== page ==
Back in July there was brouhaha over the new NFA rules regarding hedging. People wrote posts on forums saying they were going to open accounts with brokers outside the USA because they could no longer hedge. Many of the brokers played into this misunderstanding of the ruling.

FXCM, in its communication to its users on this rule, wrote, “forex traders will no longer have the ability to selectively place stop-loss or limit orders on individual trades, nor will traders be able to modify or close trades from the “Open Positions” window.”

This is not what the rule said. The rule said FIFO—first in; first out.. The first trade you open must be the trade you close first. If you go long and then try to “hedge” by opening a short position, you must close the first long position out before you can open the short position. It has nothing to do with not being able to place stops on any given trade. It has nothing to do with not being able to set profit targets on a given trade. It also doesn’t say you can’t have two trades in the same direction. (Scaling in? Let’s talk about that some other time). Of course you can also have two accounts where you have a long in one and a short in the other in the same pair.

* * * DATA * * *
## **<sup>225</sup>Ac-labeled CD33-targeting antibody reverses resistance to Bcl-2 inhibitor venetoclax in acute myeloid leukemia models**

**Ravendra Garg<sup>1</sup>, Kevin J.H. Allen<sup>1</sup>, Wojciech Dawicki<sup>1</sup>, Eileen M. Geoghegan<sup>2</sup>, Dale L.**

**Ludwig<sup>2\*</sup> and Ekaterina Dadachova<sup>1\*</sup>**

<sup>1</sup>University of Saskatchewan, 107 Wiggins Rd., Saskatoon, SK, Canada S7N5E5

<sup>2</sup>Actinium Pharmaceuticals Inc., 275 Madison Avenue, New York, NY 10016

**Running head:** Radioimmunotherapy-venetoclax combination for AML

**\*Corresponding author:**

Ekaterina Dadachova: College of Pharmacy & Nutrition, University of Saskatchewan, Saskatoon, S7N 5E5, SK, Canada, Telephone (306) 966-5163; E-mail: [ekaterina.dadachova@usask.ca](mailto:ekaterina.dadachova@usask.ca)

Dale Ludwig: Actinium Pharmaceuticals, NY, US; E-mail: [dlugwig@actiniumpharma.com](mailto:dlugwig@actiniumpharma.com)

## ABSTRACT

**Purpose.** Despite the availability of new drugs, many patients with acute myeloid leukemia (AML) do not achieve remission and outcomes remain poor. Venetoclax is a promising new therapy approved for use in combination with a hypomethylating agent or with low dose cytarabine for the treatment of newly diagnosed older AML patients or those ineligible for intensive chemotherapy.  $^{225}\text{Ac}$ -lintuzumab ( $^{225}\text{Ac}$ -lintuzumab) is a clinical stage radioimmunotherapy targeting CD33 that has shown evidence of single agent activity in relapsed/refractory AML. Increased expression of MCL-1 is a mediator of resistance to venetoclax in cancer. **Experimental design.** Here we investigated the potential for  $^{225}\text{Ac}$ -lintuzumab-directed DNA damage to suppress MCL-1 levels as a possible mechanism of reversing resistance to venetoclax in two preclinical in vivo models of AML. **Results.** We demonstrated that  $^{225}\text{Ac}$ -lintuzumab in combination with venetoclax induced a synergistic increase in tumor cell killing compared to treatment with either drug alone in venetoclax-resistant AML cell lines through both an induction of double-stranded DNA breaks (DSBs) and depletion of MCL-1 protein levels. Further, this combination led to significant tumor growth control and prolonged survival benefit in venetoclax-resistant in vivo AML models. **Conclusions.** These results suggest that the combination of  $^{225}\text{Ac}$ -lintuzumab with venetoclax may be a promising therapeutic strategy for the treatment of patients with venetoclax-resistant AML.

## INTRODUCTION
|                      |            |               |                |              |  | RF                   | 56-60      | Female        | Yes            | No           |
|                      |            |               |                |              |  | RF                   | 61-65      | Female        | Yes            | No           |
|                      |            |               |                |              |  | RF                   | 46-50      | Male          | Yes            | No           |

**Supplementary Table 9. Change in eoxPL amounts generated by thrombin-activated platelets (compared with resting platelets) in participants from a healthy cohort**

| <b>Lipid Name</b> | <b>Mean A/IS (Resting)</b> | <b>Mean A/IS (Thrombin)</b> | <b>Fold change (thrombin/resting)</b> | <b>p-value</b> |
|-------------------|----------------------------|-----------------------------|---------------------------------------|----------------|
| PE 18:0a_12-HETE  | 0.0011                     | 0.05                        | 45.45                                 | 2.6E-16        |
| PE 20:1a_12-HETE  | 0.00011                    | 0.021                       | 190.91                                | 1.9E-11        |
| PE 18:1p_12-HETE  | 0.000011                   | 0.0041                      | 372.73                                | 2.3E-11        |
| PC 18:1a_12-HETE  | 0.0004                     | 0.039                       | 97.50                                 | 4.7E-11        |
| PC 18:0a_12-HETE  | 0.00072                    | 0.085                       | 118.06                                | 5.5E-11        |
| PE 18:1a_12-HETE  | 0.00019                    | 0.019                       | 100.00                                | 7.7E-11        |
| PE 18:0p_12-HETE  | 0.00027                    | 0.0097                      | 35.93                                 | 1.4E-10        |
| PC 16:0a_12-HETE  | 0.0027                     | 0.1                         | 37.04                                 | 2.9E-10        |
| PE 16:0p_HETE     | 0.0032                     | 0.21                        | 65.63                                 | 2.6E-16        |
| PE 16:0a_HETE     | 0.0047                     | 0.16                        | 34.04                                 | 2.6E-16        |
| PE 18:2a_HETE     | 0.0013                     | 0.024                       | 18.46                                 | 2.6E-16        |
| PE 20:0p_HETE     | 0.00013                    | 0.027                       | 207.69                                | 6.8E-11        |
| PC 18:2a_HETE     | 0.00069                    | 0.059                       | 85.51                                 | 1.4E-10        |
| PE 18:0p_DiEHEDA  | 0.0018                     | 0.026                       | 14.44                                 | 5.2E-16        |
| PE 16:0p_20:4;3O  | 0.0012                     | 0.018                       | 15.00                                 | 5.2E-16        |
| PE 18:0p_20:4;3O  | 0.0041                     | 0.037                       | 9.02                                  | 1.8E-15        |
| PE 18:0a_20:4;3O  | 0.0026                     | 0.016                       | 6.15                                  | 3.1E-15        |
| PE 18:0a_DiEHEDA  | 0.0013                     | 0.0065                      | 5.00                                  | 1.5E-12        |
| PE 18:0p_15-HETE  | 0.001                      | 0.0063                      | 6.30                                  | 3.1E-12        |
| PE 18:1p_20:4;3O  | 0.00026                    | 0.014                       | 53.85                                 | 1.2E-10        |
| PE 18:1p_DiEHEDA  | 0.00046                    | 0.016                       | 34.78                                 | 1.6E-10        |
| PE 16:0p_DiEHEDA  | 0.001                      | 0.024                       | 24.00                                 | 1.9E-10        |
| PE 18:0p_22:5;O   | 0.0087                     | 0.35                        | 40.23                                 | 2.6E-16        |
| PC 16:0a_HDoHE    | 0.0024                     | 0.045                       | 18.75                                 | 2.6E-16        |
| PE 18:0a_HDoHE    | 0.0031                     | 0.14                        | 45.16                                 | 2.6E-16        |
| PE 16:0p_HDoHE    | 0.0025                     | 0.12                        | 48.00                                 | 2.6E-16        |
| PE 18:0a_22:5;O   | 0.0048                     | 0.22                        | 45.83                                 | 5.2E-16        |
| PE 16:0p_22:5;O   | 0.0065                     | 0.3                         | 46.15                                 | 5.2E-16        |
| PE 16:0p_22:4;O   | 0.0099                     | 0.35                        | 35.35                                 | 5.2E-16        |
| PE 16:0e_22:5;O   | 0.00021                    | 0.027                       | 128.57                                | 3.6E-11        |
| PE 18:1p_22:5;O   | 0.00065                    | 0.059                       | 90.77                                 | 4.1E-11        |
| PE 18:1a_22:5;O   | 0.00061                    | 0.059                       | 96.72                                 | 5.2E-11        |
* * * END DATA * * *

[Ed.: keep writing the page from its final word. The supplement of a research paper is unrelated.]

NFA defines hedging as “where customers take long and short positions in the same currency pair in the same account.” The people at NFA think you don’t “understand either the lack of economic benefit or the financial costs involved.” They think you won’t be able to be profitable with this kind of approach. They also think it, “increases the customer’s financial costs in several ways.”

They have a point. When you buy long and sell short on the same pair you pay the spread twice. In addition, while one would think that the interest paid or received on the two opposite positions would offset, this doesn’t seem to be reality in many cases. In part this is because of the squirrely ways some brokers deal with interest.

It’s not my argument that government should be regulating traders to death. Hey, maybe if people want to throw their money away they should be allowed to do so. Regardless of how you feel about that, this rule actually addresses something that gives people the allusion they’re in control. God knows, many of us felt out of control when we first started trading. Some continue to feel that way—buffeted by an irrational market; stops being gunned by the big players; that some system or guru somewhere has the knowledge so desperately needed.

But I digress. The idea of hedging the same pair isn’t for the trader who wants to learn to be successful. To this kind of hedging I paraphrase George Carlin: “It’s BS folks and it’s bad for you.”

Sunday, September 6, 2009

6 September 2009 - Musings on the Ozzie, indecision, and reversability